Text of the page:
I have gone through the book again. There are a few passages that would I think still be adjudged obscene by some Courts; but I feel quite clear that proceedings would be unwise.

S. Witt had to agree:

It would certainly be unwise to give the works of Lawrence any further advertisement or to appear to be attacking a writer after his death. If all the critics were to write as plainly and boldly as the author of the paragraph in the Daily Telegraph of the 4th March (see within) we should have no further cause for anxiety.

So in 1930 The Rainbow was published with impunity.
That Daily Telegraph article, though, gives an idea of how he and his work were regarded by the respectable in 1930. It really is quite a nasty piece of writing.


  1. Posted January 15, 2012 at 12:49 am | Permalink

    That telegraph “review” is a polemic in all but name. I wonder who write it?

    • Posted January 19, 2012 at 8:00 am | Permalink

      I’ve just finished Aldington’s Portrait of a Genius, But…, one of Lawrence’s first biographies. Its title was inspiredbyremarkslike the Telegraph’s. It’s a good book, by the way.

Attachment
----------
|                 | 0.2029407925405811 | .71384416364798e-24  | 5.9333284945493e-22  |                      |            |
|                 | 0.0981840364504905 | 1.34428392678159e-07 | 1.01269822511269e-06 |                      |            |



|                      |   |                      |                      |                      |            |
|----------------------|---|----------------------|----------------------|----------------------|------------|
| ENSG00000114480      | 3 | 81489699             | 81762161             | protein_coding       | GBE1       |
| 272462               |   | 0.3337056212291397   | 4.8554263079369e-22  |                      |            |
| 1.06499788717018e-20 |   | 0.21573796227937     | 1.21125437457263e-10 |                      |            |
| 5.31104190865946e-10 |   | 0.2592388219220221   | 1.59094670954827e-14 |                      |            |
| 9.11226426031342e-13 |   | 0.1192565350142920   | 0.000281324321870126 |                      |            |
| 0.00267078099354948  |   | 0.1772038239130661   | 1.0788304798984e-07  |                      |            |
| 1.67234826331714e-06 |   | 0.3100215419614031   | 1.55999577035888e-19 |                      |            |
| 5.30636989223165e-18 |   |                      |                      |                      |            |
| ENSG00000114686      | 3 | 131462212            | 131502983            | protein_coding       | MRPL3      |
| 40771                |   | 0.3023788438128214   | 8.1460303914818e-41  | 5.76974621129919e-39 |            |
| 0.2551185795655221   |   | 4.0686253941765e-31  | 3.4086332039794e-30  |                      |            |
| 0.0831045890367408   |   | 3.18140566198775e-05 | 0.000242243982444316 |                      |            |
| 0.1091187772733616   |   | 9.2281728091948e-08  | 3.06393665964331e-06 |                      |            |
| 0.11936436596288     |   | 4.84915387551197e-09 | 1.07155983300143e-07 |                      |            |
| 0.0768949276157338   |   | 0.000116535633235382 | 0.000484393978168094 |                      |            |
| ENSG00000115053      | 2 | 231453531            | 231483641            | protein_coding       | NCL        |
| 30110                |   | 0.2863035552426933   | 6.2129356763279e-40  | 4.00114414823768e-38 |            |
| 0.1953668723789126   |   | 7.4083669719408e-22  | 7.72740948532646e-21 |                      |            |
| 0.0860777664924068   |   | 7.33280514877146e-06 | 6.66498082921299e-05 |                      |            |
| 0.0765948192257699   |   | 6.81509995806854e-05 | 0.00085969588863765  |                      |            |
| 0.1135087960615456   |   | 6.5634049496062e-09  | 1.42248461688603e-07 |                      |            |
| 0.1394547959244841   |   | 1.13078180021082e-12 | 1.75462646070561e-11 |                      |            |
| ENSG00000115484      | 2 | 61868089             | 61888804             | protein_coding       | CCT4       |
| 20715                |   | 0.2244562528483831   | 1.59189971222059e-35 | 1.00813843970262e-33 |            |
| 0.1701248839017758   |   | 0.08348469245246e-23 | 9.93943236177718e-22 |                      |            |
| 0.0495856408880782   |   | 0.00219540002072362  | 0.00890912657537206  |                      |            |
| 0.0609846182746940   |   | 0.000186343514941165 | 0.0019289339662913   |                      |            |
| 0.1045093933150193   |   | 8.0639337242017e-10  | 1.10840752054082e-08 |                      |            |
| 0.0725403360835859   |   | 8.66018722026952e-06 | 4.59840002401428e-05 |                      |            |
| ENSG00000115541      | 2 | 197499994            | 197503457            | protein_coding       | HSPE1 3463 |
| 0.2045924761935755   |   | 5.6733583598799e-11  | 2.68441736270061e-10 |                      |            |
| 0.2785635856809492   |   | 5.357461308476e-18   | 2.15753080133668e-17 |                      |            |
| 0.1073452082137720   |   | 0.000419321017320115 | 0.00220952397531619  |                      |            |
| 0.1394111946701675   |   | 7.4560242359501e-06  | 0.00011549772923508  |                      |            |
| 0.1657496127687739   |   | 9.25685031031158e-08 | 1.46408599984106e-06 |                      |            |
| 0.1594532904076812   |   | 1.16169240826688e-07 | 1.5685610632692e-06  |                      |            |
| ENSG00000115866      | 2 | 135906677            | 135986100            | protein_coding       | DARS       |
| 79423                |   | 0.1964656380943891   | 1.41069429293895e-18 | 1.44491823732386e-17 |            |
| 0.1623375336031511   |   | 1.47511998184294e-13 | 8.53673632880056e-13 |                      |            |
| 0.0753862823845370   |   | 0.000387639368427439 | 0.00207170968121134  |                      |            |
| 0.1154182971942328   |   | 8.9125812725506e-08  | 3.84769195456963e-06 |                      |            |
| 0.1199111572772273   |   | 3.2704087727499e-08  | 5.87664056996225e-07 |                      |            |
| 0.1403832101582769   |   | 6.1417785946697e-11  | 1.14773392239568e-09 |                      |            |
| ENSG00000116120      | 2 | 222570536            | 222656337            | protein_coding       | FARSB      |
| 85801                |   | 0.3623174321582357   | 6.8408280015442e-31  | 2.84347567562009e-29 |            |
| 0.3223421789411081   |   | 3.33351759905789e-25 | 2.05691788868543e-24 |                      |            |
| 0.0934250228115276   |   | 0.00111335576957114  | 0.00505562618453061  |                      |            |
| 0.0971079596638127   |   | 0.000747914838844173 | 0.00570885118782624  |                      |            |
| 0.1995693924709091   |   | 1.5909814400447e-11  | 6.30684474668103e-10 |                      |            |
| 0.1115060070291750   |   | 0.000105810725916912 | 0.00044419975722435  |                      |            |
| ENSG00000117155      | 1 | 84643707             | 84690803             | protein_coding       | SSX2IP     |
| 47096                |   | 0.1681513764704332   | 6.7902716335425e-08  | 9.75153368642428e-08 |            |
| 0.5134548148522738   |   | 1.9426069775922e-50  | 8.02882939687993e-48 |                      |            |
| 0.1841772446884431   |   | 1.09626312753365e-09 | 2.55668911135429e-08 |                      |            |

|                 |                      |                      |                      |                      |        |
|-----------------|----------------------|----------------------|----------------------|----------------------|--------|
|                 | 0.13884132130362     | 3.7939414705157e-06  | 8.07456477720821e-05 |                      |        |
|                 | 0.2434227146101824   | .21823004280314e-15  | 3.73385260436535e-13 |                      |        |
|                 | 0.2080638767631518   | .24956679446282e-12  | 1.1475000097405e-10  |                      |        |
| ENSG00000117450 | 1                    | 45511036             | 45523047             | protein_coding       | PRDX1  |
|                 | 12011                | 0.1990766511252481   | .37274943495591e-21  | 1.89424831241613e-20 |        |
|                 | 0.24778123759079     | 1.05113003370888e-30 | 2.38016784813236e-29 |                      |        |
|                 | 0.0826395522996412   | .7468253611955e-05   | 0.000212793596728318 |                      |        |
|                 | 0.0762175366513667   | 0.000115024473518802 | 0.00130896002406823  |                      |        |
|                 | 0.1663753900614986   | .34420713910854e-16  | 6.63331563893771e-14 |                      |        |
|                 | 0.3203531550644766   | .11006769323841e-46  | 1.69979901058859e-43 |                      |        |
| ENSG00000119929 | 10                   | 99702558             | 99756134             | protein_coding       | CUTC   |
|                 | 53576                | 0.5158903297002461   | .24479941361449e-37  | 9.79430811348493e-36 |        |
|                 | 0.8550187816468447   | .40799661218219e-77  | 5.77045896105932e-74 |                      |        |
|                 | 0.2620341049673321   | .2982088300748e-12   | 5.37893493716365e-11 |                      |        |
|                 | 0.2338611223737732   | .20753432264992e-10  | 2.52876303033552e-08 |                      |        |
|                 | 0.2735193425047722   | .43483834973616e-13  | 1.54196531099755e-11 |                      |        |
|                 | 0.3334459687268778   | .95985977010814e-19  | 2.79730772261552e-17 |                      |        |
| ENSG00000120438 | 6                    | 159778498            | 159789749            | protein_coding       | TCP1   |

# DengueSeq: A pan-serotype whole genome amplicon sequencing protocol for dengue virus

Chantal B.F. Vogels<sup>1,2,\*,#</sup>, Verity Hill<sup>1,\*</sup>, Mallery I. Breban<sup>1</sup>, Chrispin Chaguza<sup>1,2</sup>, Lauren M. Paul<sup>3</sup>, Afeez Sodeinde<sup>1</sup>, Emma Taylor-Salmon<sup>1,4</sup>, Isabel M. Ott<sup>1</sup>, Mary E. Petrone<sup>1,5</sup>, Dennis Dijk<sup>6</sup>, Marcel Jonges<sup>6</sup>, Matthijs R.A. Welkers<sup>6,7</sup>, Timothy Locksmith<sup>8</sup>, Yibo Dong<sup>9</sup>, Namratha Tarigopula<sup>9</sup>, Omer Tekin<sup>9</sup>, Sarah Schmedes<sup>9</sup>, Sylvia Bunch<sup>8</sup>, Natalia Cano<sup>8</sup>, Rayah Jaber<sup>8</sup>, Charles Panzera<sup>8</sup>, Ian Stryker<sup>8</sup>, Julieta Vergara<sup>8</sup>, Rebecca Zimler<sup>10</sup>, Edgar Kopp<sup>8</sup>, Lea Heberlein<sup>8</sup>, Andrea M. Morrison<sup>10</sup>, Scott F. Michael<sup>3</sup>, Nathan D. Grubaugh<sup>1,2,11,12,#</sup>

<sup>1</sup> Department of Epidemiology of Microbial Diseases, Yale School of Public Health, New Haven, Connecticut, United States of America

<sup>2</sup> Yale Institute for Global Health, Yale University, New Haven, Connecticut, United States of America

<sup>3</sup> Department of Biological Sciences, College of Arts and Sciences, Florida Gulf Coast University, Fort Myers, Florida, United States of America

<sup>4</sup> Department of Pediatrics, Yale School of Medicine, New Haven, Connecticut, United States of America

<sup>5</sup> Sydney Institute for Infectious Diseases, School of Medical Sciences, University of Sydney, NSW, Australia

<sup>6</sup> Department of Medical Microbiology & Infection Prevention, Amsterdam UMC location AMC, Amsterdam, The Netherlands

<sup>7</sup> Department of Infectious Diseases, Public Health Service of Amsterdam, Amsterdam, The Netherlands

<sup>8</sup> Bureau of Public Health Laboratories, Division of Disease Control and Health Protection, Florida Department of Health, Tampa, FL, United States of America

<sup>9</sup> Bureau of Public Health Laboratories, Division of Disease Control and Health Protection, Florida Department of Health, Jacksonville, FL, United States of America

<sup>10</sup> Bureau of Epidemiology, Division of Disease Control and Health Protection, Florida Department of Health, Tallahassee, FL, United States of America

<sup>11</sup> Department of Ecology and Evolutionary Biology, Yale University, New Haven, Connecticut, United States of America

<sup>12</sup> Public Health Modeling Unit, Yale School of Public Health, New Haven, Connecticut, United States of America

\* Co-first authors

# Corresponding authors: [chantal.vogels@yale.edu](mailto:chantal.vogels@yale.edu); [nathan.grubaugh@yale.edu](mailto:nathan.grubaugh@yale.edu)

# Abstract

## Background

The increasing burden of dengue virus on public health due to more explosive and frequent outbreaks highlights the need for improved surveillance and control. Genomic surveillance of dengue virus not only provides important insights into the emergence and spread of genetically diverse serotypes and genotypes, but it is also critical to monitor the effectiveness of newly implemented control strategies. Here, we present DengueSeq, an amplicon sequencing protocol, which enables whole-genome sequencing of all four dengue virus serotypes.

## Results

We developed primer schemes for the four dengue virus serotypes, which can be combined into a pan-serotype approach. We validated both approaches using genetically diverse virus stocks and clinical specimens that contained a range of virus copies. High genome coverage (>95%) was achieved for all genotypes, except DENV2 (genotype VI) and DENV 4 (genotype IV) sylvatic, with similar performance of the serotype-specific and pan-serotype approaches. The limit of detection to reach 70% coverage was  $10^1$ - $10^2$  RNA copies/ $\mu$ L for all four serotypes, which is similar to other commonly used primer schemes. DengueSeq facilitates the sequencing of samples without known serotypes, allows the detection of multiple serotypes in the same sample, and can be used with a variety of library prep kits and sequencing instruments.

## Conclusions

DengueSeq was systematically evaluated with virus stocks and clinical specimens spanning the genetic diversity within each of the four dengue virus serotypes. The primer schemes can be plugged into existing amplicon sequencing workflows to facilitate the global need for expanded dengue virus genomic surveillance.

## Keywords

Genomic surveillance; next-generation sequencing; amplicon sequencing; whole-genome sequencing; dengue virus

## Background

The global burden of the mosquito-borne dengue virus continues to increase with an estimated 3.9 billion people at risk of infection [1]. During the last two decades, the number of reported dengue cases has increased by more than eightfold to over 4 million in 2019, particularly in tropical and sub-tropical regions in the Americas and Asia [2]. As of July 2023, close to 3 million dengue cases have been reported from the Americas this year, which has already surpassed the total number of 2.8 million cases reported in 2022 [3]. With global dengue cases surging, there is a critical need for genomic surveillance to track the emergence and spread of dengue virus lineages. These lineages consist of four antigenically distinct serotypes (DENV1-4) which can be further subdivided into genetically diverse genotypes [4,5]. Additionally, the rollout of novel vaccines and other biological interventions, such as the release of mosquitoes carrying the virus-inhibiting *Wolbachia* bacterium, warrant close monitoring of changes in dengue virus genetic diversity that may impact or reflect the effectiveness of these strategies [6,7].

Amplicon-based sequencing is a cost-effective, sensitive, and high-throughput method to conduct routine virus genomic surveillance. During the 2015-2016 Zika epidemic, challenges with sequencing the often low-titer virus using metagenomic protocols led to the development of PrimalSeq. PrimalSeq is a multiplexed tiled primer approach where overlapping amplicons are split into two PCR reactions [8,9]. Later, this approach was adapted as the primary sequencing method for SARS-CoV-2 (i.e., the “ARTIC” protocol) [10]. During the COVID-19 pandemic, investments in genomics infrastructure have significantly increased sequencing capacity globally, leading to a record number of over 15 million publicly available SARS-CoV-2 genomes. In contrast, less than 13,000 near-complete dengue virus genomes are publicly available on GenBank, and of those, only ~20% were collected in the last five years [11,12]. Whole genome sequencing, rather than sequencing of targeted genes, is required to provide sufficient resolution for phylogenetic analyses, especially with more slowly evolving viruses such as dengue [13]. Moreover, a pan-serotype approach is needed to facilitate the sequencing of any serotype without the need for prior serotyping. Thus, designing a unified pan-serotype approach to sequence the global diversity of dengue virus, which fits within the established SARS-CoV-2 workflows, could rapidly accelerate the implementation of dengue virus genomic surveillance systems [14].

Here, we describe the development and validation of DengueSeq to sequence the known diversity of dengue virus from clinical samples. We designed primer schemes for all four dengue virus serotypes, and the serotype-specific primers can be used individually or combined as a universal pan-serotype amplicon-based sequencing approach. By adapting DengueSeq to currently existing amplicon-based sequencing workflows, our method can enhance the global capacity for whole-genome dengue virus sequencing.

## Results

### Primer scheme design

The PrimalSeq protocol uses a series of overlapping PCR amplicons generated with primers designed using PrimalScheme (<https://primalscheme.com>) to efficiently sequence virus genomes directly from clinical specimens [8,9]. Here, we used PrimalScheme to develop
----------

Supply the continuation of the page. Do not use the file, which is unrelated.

• Posted January 19, 2012 at 9:57 am | Permalink

        That one has been on my to-read list for a while. I must get round to it.
        The only Aldington biography I’ve read is his hatchet job on Lawrence of Arabia. Utterly relentless in its intention to show Lawrence as without a single redeeming feature. The excess of vituperation puts one off, but I suspect there’s much truth in it.

  2. Posted January 20, 2012 at 12:51 am | Permalink

    Aldington is fair to Lawrence, acknowledging his genius and sensitivity while showing his egotism and insensitivity to other people. I’d guess with TEL his animosity is connected with his own war experiences. Aldington didn’t think TEL was in a ‘proper’ war at all. Add telling lies about it…The only novel of Aldington’s i’ve read that was worth reading was Death of a Hero, again with hatred and self-hatred behind it.
    Definitely a long-term war casualty.